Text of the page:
Because HTML displays two or more regular spaces (spacebar spaces) as one, you can alternate spaces with &nbsp; to achieve horizontal spacing. (But don't use strings of spaces and &nbsp; to try to center page elements. We'll cover the proper alignment further down.)

<p>&nbsp; &nbsp; &nbsp; Hello</p>


:: BR (Line Break) Tag

The BR tag gives a line break, like the carriage return on a typewriter (or the Enter key on a computer); note that there is no closing tag:

<p>One sentence here.<br>
Another sentence here.</p>

One sentence here.
Another sentence here.

Bear in mind that HTML "wraps around" from line to line like a word processor. For example, I am not hitting the {Enter} key at the end of each line of this paragraph; instead, the HTML automatically wraps around to the next line. Due to the differences in display by various browsers, it's usually best to let the text wrap around, rather than to try to control it with <br> ... lest you end up with awkward line breaks!

:: Link Tag

Ah, our "hypertext link"! Link tags specify not only where the link will take you, but what the text of the link will say. Note that, with the a href tag, the closing tag is simply </a>. In our example below, "0-intro.html" is the first page of this Tutorial. (All link examples on this page are "live".)

<a href="0-intro.html">Go to home page</a>

Go to home page

If the page or file you're linking to is in a subdirectory:

<a href="yoursubdirectory/0-intro.html">Go to home page</a>

If the page or file you're linking to is one directory "above":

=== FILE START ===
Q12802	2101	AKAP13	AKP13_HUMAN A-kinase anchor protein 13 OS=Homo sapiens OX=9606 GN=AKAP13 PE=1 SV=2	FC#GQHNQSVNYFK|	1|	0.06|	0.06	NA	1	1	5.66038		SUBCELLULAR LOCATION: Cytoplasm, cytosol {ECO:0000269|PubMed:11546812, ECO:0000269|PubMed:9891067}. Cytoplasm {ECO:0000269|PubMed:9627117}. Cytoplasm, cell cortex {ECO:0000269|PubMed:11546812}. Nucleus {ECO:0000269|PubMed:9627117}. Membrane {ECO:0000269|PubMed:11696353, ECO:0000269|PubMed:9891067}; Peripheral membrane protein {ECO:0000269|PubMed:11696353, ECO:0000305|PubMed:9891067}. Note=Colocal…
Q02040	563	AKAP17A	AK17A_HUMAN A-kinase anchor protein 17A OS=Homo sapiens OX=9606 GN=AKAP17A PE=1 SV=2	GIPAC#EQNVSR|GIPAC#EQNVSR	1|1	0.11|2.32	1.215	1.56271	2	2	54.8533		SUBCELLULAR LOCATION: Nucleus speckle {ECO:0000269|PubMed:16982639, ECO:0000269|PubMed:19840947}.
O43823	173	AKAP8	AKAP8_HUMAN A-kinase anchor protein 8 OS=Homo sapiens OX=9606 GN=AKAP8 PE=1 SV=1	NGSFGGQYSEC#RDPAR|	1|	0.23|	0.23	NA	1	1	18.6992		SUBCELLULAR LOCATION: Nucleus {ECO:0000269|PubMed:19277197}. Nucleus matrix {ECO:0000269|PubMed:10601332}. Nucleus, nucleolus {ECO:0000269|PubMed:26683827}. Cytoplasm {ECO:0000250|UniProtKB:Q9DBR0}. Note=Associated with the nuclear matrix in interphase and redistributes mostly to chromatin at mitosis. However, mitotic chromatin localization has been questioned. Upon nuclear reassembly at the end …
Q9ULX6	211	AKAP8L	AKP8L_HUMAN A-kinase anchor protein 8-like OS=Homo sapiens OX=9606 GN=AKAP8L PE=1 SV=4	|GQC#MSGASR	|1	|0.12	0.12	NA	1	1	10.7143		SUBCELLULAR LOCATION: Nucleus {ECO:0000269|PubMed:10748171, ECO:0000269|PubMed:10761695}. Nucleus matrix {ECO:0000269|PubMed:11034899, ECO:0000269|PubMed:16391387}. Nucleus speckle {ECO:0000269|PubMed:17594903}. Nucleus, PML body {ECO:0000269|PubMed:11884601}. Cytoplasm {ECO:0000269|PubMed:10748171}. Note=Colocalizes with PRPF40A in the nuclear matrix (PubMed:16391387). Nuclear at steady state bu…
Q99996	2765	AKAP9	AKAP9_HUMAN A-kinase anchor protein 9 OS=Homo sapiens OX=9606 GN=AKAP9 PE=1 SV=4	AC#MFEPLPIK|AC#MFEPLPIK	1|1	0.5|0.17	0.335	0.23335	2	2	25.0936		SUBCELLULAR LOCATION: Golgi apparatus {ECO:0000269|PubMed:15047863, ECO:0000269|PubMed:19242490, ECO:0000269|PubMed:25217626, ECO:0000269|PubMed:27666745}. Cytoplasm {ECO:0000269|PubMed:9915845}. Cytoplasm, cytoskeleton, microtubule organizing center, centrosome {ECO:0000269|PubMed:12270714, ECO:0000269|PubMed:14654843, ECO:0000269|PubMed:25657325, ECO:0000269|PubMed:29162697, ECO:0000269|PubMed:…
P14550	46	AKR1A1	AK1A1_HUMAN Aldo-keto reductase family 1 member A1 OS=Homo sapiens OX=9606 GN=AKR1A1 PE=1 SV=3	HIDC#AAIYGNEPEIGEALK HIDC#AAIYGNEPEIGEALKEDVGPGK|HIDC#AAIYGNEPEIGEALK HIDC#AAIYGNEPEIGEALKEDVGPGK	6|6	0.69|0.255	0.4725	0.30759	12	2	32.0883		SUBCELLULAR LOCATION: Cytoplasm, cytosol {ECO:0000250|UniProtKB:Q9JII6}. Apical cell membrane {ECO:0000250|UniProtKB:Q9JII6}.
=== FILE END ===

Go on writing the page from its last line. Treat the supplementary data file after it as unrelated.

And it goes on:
<a href="../0-intro.html">Go to home page</a>

:: Anchor Tag

The Anchor tag is a method of linking to a specific point in a page. Two elements are needed: the specific point itself (the "anchor") and then the link to the anchor.

Here, our anchor is on the same page, so no .html page needs to be specified.

Anchor: <a name="top"></a>

Link to anchor: <a href="#top">Go to "Adding Page Content" at top of this page</a>

Go to "Adding Page Content" at top of this page

If the anchor is on another page, simply add the anchor link to the HTML page link:

<a href="2-basicpagemarkup.html#top">Basic Web Page Markup</a>

Basic Web Page Markup

:: Email Link

Email links allow your website visitors to click on a link to open an email window in their email programs. Just add "mailto:" to an a href link containing the email address:

<a href="mailto:someone@somesite.com">Email us</a>

Email us

:: Image Tag

Image tags allow us to specify where images are to be displayed in pages.

In HTML, you specify where the image is to be displayed, but it does not become part of the page. Thus, when you launch your website, you'll need to upload your pages and images. If you've ever seen the "broken image" icon on a website, you'll know that the image was not uploaded.

Broken Image Icon

Specifying Image Dimensions. The image tag should include height and width specifications to enable the browser to "plan" how much space the image will take (and speed download time). Here, we specify that it's an image (img), that the source (src) is the "dot.gif" image, which is in the images folder (directory), and that the image has a width of 30 pixels and a height of 32 pixels: